Another vote for please don't do this. It's just too big a gesture. TBH, I don't even think giving out your contact info is warranted. If you knocked on my door, I would forever avoid you as a nosy body who lacks boundaries.
posted by jbenben at 5:40 PM on July 10, 2016 [1 favorite]


I live in a rural neighborhood. It took us about 12 months to meet the three neighbors adjacent to our house.

I would personally appreciate the gesture if you came and knocked on my door, but I wouldn't be surprised if not everyone felt the same way. I thought about doing the same (cookies and all) but ultimately decided against it, it's just not really that kind of neighborhood.

That said, it's a nice gesture, and assuming you don't open any gates, trample any flowerbeds, etc. in the absolute worst case it would be a (very!) mild faux pas, so go nuts if you feel like it!
posted by so fucking future at 6:03 PM on July 10, 2016 [1 favorite]


I would leave a note in their mailbox saying something like, "Hey, we just moved in next door. Thought I would give you our contact information in case you ever need it or just want to introduce yourself." I would put both my phone number and email address.
posted by AugustWest at 6:10 PM on July 10, 2016 [5 favorites]


As someone who grew up and has lived in several different rural areas: I agree, knock on the door and introduce yourself. You may indeed find a few people who aren't super interested in chatting, but it's doubtful anyone would be offended, and if they're not interested then it's better to know that than to wonder.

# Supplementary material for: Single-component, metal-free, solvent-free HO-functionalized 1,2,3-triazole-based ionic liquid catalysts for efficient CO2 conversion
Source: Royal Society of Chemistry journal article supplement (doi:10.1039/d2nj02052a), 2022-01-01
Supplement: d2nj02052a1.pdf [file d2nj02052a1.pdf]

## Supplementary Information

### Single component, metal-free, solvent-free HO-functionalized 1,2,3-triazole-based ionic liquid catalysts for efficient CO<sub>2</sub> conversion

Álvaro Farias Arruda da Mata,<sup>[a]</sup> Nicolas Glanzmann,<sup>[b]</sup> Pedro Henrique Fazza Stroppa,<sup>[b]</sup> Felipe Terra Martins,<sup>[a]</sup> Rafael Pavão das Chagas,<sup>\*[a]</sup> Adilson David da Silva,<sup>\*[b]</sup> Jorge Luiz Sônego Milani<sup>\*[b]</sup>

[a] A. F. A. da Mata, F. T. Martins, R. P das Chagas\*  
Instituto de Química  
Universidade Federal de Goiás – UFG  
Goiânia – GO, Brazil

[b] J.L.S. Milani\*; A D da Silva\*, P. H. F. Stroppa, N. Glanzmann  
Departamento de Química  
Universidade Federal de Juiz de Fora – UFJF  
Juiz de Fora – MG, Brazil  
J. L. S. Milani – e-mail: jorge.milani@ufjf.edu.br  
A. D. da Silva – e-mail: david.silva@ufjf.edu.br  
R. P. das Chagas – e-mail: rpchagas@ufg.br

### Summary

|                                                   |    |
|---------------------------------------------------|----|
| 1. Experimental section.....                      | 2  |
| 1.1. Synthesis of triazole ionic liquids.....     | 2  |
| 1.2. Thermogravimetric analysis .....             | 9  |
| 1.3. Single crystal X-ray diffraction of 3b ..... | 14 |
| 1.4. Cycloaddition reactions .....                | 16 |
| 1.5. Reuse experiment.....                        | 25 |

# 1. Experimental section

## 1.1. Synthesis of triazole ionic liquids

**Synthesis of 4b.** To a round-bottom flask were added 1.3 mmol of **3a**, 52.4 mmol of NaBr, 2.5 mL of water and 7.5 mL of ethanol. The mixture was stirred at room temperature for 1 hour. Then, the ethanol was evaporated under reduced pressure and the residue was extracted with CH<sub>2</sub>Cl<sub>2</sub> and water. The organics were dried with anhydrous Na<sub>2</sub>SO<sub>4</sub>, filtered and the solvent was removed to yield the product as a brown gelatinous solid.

The problem with leaving a note with your contact details but not actually chatting is that it leaves a lot of onus on the other person. I can imagine being the neighbour in that situation: I in theory would love to get my neighbours better, but I'm awful about figuring out how to actually talk to people I don't know without a pretext, and I'm also awful about reading subtext. So I'd get your note and think: "Is there actually this subtext that they are open to getting to know us better, or do they literally just want us to have their contact details just in case? Do they want me to contact them just to say hi? And if I were to email them or knock on their door or something, how would I explain it and what would I say? Aargh!" and then the stress would make me dither and dither about it until so long had gone that it would just be weird to do or say anything, and then I would never respond and I'd probably hide from them out of embarrassment and wanting to avoid the weird conversation, and the long and short of it would be that it would virtually guarantee awkwardness somewhere.

Now, your neighbours might not be socially anxiety-ridden weirdos like me, or I might be precisely the kind of nutjob you want to avoid, in which case go ahead with the note idea. :) If not, though, I think broaching the in-person barrier yourself is a great way to avoid this scenario playing out. It also gives you a lot of immediate feedback about whether you like your neighbour.

So just knock on the door with the cookies! Be brave! Very few people, faced with a friendly person on their porch with cookies, would be actively unfriendly, and most will be touched and happy that you made the effort.